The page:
Mike Flannery On Duty and Off by Ellis Parker Butler


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Page 1

ILLUSTRATIONS

"'Pho-e-nix!' Is it a man's name, I dunno?" (Frontispiece)

"''Tis well enough t' say kape it, but cats like
thim does not kape very well'"

"'I will tell you what it is,' said Mr. Gratz"

"Her pencil was delicately poised above the ruled page"




I

JUST LIKE A CAT


They were doing good work out back of the Westcote express office. The
Westcote Land and Improvement Company was ripping the whole top off
Seiler's Hill and dumping it into the swampy meadow, and Mike Flannery
liked to sit at the back door of the express office, when there was
nothing to do, and watch the endless string of waggons dump the soft
clay and sand there. Already the swamp was a vast landscape of small
hills and valleys of new, soft soil, and soon it would burst into
streets and dwellings. That would mean more work, but Flannery did not
care; the company had allowed him a helper already, and Flannery had
hopes that by the time the swamp was populated Timmy would be of some
use. He doubted it, but he had hopes.

The four-thirty-two train had just pulled in, and Timmy had gone across
to meet it with his hand-truck, and now he returned. He came lazily,
pulling the cart behind him with one hand. He didn't seem to care
whether he ever got back to the office. Flannery's quick blood rebelled.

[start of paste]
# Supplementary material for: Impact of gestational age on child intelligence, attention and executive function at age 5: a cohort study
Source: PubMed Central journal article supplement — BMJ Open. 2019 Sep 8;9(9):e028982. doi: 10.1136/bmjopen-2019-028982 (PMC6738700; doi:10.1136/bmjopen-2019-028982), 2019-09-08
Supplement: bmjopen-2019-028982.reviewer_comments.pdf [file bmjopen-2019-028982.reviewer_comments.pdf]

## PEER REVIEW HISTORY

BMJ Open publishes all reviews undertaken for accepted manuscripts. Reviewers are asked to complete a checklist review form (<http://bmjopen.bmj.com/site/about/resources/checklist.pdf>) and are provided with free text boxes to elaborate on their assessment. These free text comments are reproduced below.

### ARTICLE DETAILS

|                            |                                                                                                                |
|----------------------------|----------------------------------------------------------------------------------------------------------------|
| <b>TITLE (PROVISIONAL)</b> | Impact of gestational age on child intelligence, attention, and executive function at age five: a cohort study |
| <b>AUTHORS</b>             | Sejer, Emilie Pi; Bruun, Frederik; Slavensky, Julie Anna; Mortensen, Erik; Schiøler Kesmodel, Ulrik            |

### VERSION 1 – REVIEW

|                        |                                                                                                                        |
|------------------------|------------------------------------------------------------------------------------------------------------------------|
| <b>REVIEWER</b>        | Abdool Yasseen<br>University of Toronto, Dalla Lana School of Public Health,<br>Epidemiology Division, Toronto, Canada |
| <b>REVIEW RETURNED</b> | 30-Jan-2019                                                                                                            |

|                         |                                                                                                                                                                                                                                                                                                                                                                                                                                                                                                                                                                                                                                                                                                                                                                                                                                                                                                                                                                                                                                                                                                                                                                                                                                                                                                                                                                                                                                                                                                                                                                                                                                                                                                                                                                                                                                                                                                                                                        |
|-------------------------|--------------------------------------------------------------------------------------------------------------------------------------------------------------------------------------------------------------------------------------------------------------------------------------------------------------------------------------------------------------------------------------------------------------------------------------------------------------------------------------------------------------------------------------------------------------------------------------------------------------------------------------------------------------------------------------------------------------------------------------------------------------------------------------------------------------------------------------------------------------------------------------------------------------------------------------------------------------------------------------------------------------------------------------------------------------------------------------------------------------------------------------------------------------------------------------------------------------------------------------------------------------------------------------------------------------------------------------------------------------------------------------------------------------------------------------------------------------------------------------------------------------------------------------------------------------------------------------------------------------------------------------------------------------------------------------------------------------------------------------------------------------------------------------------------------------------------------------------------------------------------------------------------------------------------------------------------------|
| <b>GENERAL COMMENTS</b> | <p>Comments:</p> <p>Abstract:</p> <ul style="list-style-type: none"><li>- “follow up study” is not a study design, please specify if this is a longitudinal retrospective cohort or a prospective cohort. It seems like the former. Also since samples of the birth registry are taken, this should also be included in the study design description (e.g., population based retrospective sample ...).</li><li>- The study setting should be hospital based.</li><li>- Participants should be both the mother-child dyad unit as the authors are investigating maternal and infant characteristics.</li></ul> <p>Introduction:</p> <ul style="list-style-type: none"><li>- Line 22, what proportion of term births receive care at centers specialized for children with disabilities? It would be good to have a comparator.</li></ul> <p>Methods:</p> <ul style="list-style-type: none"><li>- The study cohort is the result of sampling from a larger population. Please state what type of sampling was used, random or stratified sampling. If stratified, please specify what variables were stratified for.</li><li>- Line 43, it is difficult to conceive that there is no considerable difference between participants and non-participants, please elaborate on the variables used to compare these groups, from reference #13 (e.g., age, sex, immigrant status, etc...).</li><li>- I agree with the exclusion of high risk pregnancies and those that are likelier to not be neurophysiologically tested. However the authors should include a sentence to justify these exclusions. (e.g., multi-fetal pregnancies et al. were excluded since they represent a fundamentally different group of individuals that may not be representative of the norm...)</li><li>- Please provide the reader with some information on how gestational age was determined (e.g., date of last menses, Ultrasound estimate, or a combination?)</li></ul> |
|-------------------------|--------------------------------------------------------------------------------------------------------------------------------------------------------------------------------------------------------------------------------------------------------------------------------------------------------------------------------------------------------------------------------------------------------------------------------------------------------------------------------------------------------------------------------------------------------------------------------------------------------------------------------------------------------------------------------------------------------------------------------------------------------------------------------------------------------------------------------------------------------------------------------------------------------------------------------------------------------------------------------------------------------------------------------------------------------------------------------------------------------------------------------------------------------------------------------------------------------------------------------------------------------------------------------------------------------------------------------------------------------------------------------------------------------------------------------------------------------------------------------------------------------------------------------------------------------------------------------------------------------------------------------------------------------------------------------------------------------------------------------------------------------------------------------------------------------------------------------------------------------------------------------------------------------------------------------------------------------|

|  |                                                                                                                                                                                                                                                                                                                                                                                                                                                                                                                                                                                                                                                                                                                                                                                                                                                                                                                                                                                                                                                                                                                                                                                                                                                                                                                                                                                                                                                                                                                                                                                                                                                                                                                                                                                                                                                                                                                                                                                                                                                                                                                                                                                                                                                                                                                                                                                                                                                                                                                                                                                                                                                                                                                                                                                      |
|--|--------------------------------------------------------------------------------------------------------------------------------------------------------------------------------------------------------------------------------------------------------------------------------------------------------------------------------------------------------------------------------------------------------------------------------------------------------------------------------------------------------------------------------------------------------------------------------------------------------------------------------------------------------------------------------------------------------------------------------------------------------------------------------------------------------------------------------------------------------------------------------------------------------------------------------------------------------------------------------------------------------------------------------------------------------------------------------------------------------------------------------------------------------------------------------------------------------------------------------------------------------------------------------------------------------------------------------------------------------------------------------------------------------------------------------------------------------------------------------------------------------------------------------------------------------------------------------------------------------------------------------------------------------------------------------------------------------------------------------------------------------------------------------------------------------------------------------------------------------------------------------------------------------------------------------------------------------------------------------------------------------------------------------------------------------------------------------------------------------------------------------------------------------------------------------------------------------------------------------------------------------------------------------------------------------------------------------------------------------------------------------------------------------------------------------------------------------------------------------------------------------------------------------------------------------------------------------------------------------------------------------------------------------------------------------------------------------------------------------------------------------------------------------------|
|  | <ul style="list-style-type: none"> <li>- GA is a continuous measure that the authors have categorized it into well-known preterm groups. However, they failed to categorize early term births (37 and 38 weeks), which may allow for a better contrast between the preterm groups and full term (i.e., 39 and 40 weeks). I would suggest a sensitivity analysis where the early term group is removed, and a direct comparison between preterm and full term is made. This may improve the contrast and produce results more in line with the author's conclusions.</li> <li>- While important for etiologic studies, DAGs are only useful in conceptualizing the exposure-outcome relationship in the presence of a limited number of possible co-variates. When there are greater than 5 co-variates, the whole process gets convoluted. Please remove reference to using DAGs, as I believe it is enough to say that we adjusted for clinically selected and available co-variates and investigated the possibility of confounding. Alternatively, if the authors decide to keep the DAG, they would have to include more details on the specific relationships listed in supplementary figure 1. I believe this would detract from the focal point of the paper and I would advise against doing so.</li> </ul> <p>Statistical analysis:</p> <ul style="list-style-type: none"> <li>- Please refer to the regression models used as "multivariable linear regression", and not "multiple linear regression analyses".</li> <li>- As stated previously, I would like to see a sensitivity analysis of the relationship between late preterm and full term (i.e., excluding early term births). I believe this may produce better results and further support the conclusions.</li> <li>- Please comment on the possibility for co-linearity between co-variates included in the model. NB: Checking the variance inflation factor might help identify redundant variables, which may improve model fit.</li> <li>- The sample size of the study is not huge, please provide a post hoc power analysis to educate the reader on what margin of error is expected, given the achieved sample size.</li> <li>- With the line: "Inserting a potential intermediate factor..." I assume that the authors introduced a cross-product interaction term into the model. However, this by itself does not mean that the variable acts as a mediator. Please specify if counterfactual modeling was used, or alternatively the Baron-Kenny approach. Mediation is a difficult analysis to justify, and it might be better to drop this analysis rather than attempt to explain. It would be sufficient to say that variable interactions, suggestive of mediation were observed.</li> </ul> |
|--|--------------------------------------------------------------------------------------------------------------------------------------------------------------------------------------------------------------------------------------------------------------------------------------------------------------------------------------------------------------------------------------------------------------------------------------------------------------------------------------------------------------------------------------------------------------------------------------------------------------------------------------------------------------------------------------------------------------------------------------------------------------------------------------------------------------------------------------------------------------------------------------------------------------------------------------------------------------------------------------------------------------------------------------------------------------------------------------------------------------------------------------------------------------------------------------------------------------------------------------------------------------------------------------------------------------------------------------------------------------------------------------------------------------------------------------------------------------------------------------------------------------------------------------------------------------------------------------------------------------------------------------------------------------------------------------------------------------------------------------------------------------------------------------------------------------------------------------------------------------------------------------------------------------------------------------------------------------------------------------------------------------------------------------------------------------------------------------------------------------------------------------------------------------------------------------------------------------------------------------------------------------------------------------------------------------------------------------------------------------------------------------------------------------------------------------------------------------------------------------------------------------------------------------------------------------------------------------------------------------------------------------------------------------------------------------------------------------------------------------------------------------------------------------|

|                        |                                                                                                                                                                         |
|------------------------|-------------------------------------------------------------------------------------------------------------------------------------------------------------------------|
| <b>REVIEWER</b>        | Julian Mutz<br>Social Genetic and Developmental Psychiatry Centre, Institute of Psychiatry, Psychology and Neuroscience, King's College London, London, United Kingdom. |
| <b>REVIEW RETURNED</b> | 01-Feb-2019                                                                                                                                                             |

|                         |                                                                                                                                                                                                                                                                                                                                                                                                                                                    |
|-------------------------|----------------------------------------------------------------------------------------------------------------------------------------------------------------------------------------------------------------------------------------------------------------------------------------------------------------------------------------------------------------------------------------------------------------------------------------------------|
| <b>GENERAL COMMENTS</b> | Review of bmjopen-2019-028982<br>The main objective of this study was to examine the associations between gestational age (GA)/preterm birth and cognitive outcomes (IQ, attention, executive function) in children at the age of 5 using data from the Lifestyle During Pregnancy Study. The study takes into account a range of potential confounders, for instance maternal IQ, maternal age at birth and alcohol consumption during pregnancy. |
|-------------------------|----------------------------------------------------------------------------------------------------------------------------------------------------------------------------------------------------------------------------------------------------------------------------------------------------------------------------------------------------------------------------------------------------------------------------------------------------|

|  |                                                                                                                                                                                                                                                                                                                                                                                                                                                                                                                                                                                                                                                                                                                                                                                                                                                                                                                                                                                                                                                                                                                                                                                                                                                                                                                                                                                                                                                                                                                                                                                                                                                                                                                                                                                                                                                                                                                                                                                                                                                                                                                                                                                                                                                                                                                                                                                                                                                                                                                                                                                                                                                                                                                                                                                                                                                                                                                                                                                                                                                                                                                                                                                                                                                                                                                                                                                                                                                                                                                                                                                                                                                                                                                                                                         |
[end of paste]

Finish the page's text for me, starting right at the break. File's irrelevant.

"Is that all th' faster ye can go?" he shouted. "Make haste! Make haste!
'Tis an ixpriss company ye are workin' fer, an' not a cimitery. T' look
at ye wan w'u'd think ye was nawthin' but a funeral!"

"Sure I am," said Tommy. "'Tis as ye have said it, Flannery; I'm th'
funeral."

Flannery stuck out his under jaw, and his eyes blazed. For nothing at
all he would have let Timmy have a fist in the side of the head, but
what was the use? There are some folks you can't pound sense into, and
Timmy was one of them.

"What have ye got, then?" asked Flannery.

"Nawthin' but th' corpse," said Timmy impudently, and Flannery did do
it. He swung his big right hand at the lad, and would have taught him
something, but Timmy wasn't there. He had dodged. Flannery ground his
teeth, and bent over the hand-truck. The next moment he straightened up
and motioned to Timmy, who had stepped back from him, nearly half a
block back.

"Come back," he said peacefully. "Come on back. This wan time I'll do
nawthin' to ye. Come on back an' lift th' box into th' office. But th'
next time--"

Timmy came back, grinning. He took the box off the truck, carried it
into the office, and set it on the floor. It was not a large box, nor
heavy, just a small box with strips nailed across the top, and there was
an Angora cat in it. It was a fine, large Angora cat, but it was dead.

Flannery looked at the tag that was nailed on the side of the box. "Ye'd
betther git th' waggon, Timmy," he said slowly, "an' proceed with
th' funeral up t' Missus Warman's. This be no weather for perishable
goods t' be lyin' 'round th' office. Quick speed is th' motto av th'
Interurban Ixpriss Company whin th' weather is eighty-four in th' shade.
An', Timmy," he called as the boy moved toward the door, "make no
difficulty sh'u'd she insist on receiptin' fer th' goods as bein'
damaged. If nicissary take th' receipt fer 'Wan long-haired cat,
damaged.' But make haste. 'Tis in me mind that sh'u'd ye wait too long
Missus Warman will not be receivin' th' consignment at all. She's wan
av th' particular kind, Timmy."

In half an hour Timmy was back. He came into the office lugging the box,
and let it drop on the floor with a thud.

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Books | Photos | Paul Mutton | Wed 17th Jul 2019, 0:44